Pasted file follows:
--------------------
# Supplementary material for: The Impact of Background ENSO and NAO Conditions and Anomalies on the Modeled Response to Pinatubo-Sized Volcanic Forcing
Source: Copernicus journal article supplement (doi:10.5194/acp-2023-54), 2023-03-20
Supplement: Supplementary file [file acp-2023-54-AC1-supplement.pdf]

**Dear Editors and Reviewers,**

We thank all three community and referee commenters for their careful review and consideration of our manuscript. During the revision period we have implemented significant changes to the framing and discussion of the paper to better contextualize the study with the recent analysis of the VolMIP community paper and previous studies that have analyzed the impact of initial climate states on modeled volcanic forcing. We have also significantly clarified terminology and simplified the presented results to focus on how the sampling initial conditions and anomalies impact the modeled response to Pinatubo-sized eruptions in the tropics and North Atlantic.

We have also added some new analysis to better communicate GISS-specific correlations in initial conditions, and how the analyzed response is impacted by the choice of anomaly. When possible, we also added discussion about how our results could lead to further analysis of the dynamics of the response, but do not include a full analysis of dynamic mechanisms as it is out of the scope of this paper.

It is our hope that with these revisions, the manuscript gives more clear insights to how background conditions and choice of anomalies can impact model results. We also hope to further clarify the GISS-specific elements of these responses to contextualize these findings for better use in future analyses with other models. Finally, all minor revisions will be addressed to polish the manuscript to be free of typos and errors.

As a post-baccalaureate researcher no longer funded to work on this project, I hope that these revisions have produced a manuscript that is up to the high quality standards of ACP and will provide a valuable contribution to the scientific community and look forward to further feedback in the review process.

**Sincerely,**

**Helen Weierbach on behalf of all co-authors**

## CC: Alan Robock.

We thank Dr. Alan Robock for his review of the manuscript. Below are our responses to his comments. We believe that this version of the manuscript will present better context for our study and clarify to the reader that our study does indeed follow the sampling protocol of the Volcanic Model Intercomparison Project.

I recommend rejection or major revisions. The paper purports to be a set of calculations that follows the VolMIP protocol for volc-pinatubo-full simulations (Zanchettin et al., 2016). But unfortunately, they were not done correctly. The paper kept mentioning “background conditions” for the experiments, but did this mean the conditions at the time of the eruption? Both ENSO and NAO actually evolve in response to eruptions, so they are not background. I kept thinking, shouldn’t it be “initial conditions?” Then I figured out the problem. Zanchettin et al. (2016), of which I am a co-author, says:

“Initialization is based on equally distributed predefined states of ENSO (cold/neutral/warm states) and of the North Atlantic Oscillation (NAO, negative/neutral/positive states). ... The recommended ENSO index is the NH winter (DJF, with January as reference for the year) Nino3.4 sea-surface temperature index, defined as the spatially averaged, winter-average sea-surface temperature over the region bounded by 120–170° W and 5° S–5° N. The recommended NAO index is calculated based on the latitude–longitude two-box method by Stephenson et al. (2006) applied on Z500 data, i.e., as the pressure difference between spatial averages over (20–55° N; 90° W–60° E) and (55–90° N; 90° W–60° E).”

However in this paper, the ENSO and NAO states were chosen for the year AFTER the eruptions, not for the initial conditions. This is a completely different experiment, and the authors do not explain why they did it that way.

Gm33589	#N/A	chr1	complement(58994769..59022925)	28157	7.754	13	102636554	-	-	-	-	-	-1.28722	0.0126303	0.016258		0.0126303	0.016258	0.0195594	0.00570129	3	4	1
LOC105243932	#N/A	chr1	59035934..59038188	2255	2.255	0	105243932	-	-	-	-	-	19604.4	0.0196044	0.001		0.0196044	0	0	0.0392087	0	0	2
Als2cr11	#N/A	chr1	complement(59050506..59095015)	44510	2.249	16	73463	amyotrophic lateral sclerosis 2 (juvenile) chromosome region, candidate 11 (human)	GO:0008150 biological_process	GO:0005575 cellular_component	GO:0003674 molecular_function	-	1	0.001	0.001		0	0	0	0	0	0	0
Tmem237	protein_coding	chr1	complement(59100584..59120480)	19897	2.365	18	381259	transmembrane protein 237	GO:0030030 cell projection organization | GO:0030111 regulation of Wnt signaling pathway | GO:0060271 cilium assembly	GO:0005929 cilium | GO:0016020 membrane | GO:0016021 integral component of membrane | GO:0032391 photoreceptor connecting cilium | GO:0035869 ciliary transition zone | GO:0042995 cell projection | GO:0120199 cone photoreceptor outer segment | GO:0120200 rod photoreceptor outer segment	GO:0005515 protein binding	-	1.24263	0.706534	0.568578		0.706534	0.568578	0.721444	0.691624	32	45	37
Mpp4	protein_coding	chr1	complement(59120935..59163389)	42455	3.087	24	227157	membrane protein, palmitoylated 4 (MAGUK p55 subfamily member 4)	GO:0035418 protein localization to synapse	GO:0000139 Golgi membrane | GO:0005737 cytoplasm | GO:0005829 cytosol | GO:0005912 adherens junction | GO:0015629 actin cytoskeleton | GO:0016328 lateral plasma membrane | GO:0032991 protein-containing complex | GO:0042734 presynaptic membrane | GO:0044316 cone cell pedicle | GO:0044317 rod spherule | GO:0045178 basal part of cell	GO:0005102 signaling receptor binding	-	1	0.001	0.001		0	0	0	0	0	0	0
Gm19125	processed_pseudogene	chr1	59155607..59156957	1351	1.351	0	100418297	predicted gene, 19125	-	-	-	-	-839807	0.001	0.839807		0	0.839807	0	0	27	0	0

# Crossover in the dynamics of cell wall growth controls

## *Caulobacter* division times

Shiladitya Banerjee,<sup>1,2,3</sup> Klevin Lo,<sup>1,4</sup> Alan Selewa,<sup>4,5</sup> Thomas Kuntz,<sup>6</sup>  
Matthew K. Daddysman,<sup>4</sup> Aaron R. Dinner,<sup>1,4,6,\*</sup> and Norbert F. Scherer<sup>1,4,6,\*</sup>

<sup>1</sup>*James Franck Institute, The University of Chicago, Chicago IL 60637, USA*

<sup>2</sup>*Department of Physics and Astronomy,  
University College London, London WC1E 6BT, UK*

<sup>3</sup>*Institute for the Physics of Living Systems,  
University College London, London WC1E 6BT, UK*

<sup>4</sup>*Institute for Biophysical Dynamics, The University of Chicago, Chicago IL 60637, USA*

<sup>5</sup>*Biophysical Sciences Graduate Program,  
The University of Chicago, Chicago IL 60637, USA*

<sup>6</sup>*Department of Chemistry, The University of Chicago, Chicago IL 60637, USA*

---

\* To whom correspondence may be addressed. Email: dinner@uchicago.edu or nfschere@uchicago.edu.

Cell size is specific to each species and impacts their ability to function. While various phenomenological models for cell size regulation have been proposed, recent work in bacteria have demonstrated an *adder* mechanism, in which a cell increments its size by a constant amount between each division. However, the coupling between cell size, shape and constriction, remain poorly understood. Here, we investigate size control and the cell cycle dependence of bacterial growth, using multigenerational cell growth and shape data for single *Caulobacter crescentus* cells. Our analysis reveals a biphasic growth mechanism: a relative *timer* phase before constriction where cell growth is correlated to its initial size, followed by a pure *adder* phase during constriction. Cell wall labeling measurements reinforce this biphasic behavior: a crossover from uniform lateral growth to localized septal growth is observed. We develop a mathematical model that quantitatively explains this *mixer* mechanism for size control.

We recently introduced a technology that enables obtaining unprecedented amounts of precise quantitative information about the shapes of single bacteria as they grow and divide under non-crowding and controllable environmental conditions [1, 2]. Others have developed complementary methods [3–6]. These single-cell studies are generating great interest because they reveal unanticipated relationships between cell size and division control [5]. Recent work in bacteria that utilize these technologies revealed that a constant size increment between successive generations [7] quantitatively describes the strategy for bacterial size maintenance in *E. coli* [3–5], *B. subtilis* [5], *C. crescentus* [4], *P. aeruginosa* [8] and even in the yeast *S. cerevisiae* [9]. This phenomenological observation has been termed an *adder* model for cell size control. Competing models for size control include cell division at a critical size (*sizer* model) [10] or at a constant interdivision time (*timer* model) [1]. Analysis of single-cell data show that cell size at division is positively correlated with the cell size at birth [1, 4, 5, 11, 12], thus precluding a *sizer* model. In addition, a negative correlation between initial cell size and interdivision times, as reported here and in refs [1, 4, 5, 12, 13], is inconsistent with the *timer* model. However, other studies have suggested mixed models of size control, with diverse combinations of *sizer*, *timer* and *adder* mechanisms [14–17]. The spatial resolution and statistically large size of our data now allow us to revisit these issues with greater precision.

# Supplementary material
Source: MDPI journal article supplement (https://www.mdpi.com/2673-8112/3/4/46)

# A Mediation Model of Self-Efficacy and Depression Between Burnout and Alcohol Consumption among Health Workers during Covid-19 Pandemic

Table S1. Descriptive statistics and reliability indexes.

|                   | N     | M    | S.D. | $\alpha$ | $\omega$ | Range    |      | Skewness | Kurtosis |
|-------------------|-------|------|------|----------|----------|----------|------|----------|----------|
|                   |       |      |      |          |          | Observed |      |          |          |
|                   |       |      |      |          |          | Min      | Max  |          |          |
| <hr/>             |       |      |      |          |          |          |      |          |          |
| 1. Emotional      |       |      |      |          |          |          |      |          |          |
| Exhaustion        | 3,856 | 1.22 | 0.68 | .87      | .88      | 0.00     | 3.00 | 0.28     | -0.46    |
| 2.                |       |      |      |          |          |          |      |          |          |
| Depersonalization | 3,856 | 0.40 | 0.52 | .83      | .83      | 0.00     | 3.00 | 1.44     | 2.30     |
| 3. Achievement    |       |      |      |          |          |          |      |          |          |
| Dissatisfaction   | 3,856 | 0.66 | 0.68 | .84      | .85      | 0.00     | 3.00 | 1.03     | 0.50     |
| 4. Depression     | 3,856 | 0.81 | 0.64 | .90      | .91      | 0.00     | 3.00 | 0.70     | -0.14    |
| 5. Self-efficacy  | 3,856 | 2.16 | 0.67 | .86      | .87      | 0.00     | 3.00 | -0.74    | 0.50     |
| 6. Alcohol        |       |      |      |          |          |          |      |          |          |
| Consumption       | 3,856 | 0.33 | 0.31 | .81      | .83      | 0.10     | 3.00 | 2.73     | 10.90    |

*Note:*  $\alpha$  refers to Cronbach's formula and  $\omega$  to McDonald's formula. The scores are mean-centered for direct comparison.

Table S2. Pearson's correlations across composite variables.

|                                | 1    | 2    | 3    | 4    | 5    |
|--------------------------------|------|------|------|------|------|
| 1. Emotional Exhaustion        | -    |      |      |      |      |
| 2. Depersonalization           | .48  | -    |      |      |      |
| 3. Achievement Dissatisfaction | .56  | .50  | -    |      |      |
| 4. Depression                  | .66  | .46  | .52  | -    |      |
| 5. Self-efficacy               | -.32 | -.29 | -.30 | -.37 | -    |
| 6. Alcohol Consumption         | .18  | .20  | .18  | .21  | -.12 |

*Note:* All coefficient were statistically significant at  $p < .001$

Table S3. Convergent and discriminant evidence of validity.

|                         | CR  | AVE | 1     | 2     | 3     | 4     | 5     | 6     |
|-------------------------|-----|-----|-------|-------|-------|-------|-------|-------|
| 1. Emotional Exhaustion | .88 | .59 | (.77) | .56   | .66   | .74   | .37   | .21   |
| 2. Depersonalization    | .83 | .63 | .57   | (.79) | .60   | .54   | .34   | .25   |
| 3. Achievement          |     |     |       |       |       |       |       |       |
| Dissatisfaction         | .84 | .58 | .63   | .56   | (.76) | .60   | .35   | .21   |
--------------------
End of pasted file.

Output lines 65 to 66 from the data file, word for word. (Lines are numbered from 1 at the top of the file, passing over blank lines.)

| 4. Depression                  | .66  | .46  | .52  | -    |      |
| 5. Self-efficacy               | -.32 | -.29 | -.30 | -.37 | -    |